Tibia and fibula: The tibia and fibula are equal in size and slightly shorter than the femur. They articulate with one other. The tibia has an expanded proximal end. Its broad proximal articular surface articulates with much of the tibial condyle of the femur. The medial edge of the tibia is concave and the lateral edge is nearly straight. Distally, the tibia expands slightly. The fibula is a slender bone with a head scarcely wider than its shaft, while the distal end is broader and flatter than the proximal end.

    Tarsus and pes: Both tarsi are partially preserved. As in the carpi, the proximal elements are somewhat disarticulated. It is not possible to identify the different bones of the right tarsi. Two elements of the left tarsi probably correspond to the astragalus and calcaneum. The element interpreted as the astragalus is larger than the calcaneum, and proximally articulates with the tibia and fibula.

    The distal tarsals are oval in shape. In the left hindlimb five metatarsals are recognized, which increase in length from I to IV and decrease in the last one. The metatarsals are slender and long. Metatarsal V is characterized by a flat L-shape.

    Digits I to V are relatively well preserved. Digit I has two phalanges. In the digit II there is only one preserved phalanx. Digit III has three phalanxes. The first phalanx and the proximal region of the second phalanx are observed in digits IV and V. Therefore, the total number of phalanges in these two digits is not known.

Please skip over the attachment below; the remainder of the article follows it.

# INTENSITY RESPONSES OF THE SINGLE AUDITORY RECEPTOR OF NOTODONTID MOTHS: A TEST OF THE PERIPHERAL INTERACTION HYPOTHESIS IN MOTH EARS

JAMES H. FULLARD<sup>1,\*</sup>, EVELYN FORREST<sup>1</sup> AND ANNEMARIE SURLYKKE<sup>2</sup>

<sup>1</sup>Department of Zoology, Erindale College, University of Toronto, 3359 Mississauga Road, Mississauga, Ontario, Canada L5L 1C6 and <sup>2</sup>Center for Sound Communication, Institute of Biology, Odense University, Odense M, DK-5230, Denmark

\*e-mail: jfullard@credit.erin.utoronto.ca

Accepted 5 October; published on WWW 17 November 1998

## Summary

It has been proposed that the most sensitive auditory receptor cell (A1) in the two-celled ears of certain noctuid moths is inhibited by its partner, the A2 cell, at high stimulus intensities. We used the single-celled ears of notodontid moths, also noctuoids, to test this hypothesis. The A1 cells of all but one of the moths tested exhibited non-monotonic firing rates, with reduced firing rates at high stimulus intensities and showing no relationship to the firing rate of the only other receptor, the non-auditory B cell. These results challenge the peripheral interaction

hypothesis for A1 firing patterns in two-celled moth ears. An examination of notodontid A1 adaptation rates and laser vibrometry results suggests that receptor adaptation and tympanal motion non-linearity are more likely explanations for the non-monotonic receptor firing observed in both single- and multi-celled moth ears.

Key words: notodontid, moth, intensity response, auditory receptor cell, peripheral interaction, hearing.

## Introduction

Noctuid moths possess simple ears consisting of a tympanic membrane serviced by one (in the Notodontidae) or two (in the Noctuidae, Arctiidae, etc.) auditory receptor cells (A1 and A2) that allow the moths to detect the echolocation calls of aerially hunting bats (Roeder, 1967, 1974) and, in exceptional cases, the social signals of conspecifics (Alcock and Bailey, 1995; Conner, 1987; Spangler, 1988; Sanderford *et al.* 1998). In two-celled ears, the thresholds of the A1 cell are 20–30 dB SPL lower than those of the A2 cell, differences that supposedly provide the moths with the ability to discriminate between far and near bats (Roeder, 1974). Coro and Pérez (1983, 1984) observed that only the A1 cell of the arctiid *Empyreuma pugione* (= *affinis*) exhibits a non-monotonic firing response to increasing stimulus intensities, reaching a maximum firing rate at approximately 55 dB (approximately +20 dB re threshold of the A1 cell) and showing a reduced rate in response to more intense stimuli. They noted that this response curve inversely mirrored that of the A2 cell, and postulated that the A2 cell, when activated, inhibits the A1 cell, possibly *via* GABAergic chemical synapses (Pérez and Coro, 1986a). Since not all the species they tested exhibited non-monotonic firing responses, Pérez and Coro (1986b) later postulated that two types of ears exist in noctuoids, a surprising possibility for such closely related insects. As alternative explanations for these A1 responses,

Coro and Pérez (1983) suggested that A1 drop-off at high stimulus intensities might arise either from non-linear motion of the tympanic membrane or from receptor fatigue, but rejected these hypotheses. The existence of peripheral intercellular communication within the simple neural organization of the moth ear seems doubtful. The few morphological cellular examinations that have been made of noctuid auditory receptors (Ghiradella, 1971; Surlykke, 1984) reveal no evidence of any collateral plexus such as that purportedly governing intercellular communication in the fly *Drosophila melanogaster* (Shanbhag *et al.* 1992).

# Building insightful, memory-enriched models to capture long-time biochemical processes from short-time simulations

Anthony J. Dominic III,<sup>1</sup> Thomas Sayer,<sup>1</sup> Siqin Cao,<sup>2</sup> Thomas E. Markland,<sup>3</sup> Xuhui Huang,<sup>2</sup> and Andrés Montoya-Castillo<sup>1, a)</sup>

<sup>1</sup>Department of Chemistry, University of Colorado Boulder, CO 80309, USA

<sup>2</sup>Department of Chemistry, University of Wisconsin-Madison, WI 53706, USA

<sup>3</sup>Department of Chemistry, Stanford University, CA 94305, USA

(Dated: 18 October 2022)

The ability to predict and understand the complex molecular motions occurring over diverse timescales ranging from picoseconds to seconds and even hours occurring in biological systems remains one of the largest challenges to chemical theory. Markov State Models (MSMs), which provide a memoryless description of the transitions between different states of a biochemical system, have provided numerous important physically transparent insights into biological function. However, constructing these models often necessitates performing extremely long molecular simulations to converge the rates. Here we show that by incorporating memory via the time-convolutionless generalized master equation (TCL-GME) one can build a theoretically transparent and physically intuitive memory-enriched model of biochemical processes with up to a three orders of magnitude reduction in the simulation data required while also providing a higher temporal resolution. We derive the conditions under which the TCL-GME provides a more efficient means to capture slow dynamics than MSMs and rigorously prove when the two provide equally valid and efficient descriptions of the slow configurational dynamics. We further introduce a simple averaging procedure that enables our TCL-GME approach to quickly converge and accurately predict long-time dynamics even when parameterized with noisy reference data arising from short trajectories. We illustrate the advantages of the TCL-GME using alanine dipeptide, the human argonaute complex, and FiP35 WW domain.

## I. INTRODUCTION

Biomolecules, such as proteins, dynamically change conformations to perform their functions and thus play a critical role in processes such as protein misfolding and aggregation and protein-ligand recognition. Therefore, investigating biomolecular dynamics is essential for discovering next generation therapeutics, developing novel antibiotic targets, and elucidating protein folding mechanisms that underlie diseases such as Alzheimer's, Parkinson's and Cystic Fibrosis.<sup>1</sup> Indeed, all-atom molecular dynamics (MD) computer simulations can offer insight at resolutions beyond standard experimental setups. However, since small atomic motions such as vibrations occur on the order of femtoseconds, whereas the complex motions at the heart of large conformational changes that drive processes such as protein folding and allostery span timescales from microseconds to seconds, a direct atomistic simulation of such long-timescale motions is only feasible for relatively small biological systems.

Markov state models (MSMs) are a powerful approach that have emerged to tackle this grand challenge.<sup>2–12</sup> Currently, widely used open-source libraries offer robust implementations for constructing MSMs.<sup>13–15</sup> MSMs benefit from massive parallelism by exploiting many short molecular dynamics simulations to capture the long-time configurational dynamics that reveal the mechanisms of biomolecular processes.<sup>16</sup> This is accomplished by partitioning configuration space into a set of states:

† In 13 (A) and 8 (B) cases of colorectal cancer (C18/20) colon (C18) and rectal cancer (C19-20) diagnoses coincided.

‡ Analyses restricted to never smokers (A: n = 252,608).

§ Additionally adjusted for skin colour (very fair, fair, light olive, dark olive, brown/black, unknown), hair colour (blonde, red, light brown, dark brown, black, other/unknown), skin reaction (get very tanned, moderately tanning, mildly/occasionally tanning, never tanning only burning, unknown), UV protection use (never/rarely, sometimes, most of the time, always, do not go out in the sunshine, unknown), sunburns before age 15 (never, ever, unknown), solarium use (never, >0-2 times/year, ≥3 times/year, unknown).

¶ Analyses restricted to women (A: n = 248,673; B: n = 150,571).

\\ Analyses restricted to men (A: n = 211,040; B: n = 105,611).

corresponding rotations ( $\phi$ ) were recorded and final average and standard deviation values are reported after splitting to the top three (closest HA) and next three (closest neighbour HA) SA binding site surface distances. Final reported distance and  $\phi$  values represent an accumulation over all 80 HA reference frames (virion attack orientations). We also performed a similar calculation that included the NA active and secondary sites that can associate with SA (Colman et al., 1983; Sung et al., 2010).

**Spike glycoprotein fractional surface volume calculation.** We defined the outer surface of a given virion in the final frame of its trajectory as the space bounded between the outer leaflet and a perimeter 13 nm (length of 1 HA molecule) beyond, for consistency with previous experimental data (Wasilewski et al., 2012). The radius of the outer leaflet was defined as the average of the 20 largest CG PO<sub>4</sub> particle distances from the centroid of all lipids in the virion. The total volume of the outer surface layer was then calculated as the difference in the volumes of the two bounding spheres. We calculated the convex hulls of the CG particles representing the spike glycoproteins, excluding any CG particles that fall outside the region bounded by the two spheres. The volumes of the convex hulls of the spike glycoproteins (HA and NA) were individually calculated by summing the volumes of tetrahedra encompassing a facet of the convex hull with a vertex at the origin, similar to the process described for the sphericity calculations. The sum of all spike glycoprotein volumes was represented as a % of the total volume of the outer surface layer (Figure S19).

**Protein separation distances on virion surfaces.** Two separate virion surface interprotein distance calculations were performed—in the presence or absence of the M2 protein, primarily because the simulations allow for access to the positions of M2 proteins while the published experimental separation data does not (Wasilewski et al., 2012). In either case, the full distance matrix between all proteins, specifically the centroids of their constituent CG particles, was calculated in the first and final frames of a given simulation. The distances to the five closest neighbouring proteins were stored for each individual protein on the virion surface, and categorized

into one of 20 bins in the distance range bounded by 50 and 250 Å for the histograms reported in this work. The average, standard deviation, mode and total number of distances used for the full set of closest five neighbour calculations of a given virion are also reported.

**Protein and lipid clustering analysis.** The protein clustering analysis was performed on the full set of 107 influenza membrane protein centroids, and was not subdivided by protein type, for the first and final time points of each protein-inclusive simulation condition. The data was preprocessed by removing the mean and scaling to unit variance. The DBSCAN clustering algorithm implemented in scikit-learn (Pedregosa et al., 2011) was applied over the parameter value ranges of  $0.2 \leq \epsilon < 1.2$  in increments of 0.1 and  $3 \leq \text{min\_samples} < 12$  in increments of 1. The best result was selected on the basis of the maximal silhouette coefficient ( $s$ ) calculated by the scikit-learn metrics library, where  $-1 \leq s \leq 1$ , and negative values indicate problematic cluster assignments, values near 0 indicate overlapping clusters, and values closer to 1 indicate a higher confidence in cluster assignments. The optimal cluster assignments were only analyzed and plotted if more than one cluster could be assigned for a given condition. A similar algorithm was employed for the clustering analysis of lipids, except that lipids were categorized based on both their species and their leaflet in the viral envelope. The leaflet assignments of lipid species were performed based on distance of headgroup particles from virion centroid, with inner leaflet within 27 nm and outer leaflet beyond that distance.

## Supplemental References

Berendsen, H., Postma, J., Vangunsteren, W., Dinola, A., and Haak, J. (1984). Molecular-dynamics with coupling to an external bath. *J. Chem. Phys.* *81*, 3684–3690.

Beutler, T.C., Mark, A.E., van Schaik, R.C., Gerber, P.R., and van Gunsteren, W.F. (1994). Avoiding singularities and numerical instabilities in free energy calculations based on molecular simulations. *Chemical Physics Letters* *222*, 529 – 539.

• Stratigraphic and geographic range.—Known only from the type locality.

Fig. 2.

Skull and cervical vertebrae of the eucryptodiran turtle Hoyasemys jimenezi gen. et sp. nov. (MCCM-LH 84) from the Early Cretaceous of Las Hoyas, Spain. Photograph (A) and explanatory drawing (B).

f02_285.jpg

Fig. 3.

Ventral view of the eucryptodiran turtle Hoyasemys jimenezi gen. et sp. nov. (MCCM-LH 84) from the Early Cretaceous of Las Hoyas, Spain. Photograph (A) and explanatory drawing (B).

f03_285.jpg

Fig. 4.